Running Head: FEMINIST ART 1
Feminist art emerged in the late 1960s as a result of the anti-war demonstrations and fight for the equal rights in United States of America. During these times, the art industry was male dominated and the women did not have a chance in this field. As a result, the women, who were elites and who felt that they needed a chance to prove themselves in this field sought to get deep into the field. This led to the formation of a feminist art movement which was meant in an effort to accomplish the feminist art internationally which was meant to reflect the women lives in the art field as well as to make the experienced in the field to compete with men who had dominated the field. At the start of this movement, which is basically known as the first-generation feminist art, the women were fighting for their rights. The women were not allowed in the art field and they sought to include the women in the picture of the art industry. They also sought to make the women visible in the public eye and to enable them to venture into the male dominated field. At this period, gendered identity was viewed as having clear and concrete work for each gender and hence most of the fields were dominated by the male gender, who were viewed as the stronger gender.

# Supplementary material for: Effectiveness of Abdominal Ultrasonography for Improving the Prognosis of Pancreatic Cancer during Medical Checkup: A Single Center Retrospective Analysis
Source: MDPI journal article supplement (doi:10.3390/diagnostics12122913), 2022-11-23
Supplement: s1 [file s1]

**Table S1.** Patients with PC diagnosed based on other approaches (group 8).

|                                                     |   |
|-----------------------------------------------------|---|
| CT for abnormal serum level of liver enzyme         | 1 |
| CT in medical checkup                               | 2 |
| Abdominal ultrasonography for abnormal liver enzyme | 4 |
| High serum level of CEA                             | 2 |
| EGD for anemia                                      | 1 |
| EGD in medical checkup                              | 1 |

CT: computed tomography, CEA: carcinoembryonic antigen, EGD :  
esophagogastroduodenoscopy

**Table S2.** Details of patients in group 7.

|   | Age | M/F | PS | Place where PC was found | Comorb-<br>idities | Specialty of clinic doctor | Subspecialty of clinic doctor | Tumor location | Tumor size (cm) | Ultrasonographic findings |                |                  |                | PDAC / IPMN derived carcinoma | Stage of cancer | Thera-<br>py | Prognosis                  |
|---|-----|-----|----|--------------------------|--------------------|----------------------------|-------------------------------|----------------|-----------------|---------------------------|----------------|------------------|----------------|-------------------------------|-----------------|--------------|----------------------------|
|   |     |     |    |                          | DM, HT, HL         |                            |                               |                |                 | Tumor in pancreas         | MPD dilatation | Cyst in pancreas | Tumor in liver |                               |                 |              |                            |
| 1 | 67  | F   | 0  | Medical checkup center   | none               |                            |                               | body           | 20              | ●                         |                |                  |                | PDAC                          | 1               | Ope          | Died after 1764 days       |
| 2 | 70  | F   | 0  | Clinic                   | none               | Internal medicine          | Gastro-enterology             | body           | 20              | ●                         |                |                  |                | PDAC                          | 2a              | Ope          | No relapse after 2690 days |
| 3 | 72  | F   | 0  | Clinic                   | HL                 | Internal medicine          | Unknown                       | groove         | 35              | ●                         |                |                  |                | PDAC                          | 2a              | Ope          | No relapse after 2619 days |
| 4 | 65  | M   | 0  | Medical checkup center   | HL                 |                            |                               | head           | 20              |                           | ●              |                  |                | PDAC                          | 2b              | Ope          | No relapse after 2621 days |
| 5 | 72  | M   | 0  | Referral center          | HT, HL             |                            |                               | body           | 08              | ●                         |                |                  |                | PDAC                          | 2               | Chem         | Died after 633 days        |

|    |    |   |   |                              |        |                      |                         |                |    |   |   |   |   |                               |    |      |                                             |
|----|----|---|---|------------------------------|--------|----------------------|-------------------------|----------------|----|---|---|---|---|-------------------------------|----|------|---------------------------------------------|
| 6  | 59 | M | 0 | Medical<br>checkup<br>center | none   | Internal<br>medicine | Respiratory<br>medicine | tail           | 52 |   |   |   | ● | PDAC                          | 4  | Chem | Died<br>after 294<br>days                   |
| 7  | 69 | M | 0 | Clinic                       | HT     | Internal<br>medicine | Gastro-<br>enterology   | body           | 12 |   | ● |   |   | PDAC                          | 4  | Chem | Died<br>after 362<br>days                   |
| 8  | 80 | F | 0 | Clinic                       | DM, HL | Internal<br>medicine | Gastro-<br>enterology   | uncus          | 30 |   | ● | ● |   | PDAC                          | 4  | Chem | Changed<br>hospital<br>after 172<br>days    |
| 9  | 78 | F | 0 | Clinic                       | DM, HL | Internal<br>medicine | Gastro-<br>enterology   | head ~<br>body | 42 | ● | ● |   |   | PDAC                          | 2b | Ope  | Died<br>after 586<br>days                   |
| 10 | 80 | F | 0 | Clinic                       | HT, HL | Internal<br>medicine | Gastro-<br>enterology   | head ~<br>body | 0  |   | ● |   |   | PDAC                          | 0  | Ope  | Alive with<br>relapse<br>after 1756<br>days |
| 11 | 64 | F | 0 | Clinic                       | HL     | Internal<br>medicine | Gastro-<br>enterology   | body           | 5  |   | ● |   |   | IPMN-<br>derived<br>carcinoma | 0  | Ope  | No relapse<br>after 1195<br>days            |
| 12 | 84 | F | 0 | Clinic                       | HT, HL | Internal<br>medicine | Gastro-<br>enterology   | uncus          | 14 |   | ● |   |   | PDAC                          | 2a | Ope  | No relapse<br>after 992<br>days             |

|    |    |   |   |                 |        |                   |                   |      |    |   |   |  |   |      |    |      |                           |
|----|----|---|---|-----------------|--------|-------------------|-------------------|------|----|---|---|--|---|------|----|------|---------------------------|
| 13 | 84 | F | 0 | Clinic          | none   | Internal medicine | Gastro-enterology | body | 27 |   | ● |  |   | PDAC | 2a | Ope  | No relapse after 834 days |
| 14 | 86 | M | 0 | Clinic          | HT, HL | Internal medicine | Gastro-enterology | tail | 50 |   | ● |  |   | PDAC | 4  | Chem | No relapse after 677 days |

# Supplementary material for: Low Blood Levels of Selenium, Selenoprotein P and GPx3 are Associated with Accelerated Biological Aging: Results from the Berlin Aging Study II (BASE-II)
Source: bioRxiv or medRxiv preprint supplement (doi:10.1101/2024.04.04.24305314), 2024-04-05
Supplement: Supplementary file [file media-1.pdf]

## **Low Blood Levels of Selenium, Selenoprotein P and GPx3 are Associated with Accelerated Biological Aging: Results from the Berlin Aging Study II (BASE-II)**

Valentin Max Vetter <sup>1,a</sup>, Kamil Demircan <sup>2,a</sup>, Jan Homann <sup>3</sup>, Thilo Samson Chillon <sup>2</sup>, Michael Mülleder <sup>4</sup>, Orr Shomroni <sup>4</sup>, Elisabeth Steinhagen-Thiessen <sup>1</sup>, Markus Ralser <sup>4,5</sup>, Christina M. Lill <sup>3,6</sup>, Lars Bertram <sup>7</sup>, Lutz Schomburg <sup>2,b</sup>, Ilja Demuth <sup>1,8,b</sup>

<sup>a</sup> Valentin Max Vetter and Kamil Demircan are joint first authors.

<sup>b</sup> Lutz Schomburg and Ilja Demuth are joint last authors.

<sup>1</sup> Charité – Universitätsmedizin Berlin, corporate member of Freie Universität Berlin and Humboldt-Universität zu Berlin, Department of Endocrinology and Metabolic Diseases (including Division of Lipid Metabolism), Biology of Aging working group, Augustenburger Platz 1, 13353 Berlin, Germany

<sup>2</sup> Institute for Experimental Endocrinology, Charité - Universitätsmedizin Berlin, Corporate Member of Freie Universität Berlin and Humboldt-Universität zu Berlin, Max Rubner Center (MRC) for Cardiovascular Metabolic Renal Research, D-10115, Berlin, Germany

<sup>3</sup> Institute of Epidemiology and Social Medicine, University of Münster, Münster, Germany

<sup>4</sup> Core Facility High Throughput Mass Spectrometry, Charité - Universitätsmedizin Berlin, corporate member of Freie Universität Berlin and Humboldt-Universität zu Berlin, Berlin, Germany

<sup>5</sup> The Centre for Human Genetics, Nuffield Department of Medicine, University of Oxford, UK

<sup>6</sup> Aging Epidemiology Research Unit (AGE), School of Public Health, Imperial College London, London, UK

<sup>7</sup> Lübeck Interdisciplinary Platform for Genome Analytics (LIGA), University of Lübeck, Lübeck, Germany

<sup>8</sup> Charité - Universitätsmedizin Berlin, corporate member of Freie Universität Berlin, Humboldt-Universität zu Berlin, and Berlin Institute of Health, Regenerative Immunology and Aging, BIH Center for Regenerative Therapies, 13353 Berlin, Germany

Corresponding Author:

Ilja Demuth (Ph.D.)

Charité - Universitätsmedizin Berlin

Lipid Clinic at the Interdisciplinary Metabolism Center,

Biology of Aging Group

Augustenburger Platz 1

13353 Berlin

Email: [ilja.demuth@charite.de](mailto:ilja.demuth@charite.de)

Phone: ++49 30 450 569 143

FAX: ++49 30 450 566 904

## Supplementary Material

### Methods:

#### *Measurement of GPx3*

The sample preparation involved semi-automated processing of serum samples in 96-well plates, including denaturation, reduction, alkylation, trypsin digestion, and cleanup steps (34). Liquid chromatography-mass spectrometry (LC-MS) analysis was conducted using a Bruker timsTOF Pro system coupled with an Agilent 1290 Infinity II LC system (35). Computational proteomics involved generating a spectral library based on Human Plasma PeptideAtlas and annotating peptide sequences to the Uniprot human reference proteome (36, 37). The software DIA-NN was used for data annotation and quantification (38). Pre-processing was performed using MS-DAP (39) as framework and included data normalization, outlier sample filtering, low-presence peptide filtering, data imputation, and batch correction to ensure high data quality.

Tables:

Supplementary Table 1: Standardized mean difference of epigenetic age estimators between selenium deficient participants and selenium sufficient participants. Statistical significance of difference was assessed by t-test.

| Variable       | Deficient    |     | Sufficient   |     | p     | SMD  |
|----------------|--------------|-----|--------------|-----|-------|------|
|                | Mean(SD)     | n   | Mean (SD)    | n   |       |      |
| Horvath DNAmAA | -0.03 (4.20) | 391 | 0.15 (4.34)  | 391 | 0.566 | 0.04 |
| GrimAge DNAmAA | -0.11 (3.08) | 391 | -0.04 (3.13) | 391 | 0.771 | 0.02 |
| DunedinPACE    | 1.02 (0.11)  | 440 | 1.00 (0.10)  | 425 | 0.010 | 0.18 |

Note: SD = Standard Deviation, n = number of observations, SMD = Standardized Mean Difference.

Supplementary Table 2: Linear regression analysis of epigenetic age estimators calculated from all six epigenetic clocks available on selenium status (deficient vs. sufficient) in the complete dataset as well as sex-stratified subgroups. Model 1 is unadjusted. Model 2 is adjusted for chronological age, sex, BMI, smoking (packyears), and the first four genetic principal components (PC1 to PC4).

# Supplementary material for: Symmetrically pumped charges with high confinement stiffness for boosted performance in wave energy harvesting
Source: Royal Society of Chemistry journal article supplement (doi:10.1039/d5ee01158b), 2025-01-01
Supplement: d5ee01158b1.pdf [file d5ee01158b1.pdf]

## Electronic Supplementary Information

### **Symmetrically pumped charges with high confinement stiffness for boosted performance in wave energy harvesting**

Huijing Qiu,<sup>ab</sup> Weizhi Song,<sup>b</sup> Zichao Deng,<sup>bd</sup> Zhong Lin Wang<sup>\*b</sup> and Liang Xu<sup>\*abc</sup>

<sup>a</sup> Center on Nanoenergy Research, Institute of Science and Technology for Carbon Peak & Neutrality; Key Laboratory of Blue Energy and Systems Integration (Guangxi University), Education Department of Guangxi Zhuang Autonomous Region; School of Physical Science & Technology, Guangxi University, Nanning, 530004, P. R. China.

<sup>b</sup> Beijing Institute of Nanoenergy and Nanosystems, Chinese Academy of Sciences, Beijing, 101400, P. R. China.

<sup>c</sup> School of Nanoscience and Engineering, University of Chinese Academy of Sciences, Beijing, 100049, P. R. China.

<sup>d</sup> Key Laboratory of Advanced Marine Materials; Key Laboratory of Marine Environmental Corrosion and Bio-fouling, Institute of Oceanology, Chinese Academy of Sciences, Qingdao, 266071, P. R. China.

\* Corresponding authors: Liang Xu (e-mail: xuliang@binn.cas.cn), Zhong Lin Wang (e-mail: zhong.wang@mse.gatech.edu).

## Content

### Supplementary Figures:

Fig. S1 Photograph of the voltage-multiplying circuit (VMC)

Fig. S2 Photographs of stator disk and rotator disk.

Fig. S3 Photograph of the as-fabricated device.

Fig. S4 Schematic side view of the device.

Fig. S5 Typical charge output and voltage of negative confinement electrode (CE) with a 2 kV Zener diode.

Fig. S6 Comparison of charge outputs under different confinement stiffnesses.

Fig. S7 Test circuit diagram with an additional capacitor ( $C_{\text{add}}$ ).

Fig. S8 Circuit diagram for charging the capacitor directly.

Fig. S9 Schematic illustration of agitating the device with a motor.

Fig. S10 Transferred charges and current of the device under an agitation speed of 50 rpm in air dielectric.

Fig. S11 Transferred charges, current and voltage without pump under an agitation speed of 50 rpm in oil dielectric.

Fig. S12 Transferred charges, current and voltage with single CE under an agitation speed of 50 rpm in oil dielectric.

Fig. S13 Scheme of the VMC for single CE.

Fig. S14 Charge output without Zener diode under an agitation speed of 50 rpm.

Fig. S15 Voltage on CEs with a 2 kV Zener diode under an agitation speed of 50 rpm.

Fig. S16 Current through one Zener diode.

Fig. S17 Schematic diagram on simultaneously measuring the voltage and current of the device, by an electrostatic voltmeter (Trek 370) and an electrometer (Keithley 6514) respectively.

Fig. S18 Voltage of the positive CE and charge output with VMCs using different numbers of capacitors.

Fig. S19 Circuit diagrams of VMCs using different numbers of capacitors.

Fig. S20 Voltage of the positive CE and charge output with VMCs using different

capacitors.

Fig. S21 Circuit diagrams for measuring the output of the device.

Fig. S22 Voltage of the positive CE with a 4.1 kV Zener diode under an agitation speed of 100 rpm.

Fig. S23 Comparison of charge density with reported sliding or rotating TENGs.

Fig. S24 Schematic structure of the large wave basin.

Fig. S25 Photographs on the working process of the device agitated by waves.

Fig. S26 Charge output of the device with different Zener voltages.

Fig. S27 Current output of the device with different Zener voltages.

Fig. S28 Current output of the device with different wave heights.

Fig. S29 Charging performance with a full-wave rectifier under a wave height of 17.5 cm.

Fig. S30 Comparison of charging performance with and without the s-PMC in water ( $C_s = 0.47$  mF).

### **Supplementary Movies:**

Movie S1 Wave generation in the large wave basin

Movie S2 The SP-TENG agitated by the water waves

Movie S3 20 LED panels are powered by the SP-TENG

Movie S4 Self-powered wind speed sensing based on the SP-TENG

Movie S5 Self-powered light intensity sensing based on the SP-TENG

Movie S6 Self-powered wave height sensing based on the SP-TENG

The second generation was aimed at achieving the rights of the female generation since they had already found their way inside the male generated field of art. Their goal was to use the field of art to push forward their agenda and to fight for their rights. This generation understood the gendered identity from the aspect of equal rights and to have the women given the rights that they ask for from the general law. This work will generally analyze the history of feminist art and bring out the difference between the goals of the first generation and the second-generation feminist art works in terms of their goals and the socio-historical context in which they are produced and the socio-cultural context in United States of America. This paper will focus on the artistic works of Mary Beth Edelson and Judy Chicago as the first-generation artists and the work Barbara Kruger as the second-Generation work of art.